Then a student was murdered. Haruka Weiser was a month from finishing her freshman year when she was killed while walking back to her dorm after a rehearsal. The entire department was shaken, but Anderson was hit especially hard. Haruka was one of his students. And that changed (Re)current Unrest. "Between that tragedy (committed by a young African American man) and the ongoing systematic killing of black men by law enforcement in this country, the piece took on larger dimensions," he wrote. "I really started paying attention and going deeply into research on the Black Lives Matter movement and its parallels with the Black Power and Black Arts movements of the 1960s and '70s." Over the next two years, Anderson pursued this new direction for (Re)current Unrest at UT.
And Anderson wasn't supposed to be in Texas. His life had been spent on the East Coast, and he'd built a strong home base in Philadelphia. He'd earned his master's at Temple University. He'd founded his own company, the Afro-contemporary dance theatre X. He'd come to national attention, winning early career honors: a $60,000 Pew fellowship in the arts, being included on Dance Magazine's "25 to Watch" list, being named one of "12 Rising Stars in the Academy" by Diverse magazine. In nearby Allentown, at Muhlenberg College, he'd secured his place in academia – as a teacher of dance, naturally, but also as a scholar in African American studies, creating the school's first program in that field. Philly was where he had it going on.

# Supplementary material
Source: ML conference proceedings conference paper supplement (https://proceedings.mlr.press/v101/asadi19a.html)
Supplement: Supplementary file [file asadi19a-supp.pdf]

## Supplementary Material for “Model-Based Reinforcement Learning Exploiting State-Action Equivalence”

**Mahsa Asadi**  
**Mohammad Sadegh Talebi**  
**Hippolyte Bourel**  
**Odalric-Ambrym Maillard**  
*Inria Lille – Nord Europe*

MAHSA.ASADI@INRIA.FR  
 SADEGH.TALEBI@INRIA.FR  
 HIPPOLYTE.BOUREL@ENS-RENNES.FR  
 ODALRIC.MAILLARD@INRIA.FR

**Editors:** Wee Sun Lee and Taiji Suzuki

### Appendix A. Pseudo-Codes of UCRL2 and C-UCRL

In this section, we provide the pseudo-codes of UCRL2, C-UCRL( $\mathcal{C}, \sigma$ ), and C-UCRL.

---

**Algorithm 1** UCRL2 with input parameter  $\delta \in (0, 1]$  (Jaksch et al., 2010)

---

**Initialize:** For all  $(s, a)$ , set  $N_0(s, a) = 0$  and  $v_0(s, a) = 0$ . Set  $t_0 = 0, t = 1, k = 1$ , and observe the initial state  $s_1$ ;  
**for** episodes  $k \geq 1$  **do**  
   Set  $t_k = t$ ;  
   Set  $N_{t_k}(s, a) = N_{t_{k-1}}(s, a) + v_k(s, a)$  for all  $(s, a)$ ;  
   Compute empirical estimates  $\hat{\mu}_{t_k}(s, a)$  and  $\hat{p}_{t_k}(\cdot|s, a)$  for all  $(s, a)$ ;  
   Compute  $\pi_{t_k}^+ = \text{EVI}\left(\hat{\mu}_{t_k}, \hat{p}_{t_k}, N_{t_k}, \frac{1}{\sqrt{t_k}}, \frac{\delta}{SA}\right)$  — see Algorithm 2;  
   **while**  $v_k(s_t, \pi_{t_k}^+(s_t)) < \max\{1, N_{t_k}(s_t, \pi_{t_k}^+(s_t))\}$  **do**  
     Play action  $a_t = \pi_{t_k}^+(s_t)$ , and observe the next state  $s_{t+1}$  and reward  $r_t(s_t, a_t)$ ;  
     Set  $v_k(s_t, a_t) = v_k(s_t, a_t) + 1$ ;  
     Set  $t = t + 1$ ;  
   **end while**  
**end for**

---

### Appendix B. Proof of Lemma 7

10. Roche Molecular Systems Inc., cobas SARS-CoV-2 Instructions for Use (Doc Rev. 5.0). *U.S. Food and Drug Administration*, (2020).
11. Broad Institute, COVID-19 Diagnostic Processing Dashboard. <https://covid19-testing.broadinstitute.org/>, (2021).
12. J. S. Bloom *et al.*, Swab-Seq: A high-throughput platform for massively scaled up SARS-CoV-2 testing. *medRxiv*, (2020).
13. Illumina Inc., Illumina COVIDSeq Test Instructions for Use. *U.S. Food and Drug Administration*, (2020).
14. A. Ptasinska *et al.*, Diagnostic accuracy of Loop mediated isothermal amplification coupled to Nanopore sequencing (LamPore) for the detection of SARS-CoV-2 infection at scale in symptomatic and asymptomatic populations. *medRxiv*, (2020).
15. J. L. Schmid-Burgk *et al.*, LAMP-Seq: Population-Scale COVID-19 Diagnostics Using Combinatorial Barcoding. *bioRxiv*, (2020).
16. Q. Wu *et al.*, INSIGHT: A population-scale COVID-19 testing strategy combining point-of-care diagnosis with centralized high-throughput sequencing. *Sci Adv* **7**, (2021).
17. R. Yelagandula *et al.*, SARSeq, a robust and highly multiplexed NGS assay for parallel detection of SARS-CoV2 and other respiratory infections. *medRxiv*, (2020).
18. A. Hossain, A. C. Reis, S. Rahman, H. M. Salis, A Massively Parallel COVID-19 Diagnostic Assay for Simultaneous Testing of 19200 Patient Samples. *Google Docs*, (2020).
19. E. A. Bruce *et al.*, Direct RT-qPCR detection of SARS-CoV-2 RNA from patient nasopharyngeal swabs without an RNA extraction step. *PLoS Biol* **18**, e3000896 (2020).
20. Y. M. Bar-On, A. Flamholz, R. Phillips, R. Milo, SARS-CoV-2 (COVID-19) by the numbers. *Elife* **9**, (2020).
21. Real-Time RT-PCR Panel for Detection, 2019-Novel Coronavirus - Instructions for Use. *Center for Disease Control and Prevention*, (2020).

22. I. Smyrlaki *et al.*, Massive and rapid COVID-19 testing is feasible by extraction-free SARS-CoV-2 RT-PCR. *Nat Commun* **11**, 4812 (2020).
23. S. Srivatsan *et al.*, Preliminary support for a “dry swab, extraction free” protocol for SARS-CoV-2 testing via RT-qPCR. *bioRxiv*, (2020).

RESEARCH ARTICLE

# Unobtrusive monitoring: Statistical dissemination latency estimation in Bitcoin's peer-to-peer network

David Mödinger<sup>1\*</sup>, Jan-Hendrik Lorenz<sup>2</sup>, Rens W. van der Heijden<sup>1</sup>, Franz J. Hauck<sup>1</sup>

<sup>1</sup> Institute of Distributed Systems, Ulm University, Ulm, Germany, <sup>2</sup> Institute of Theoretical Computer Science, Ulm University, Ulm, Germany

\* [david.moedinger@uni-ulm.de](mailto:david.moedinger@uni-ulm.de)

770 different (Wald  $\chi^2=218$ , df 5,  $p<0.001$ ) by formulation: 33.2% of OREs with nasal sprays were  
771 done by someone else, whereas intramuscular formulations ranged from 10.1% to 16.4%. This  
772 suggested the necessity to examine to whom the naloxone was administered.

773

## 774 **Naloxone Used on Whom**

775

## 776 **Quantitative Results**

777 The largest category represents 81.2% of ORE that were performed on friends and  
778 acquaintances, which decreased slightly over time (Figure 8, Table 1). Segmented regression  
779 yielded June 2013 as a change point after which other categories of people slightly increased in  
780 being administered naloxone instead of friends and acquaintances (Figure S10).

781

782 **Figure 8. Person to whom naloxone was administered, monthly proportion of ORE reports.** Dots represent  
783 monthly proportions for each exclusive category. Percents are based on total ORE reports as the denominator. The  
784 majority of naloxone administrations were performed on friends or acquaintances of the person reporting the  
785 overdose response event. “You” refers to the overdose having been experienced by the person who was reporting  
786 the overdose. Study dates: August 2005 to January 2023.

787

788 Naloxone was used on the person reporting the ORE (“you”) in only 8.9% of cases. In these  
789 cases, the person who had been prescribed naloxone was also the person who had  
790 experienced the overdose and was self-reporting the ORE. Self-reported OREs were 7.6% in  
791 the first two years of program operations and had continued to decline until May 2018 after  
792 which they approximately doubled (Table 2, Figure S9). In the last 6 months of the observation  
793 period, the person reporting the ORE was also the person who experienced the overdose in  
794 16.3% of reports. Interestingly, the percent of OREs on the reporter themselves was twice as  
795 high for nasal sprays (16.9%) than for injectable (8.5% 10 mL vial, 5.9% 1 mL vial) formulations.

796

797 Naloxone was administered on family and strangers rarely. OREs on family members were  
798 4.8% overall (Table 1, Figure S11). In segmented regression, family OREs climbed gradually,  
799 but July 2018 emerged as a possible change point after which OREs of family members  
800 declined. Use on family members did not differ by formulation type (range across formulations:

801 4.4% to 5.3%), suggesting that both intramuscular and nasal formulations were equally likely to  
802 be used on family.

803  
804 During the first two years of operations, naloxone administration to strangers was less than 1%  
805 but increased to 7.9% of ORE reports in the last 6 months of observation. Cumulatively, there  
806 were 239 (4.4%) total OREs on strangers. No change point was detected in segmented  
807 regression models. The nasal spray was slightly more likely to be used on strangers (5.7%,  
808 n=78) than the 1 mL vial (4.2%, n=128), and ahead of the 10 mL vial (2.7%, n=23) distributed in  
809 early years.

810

And then Lyn C. Wiltshire came calling. A choreographer and longtime faculty member at UT, she headed the dance division in 2010 and felt it was time – no doubt long past time for a program founded in 1945 – to bring Black dance into the curriculum. She worked to create a position for the right person to teach it, and that person was Anderson. So in 2011, he left the East Coast for the Third Coast, arriving in Austin on his 40th birthday to join UT as associate professor of African American and African diasporic dance. Now, nine years later, Anderson is heading the dance area himself – a sign that he's found some reason to keep teaching dance and making it here.
That he's teaching and making dance anywhere is notable, though, for in the grandfather of all his "wasn't supposed to be"s, Anderson wasn't supposed to be in dance. He enrolled in Cornell University to major in mechanical engineering. But seeing dance changed his mind – well, that and having his roommate's girlfriend, who caught his moves at a party, persuade him to come to a dance class. From that, he realized dance was what he wanted to do, and maybe what he'd always wanted to do. It had been in his life all along, at parties and in clubs but also in the movement-filled testifying of his Baptist church congregation. As he told one interviewer, "My spirit learned to dance before my body."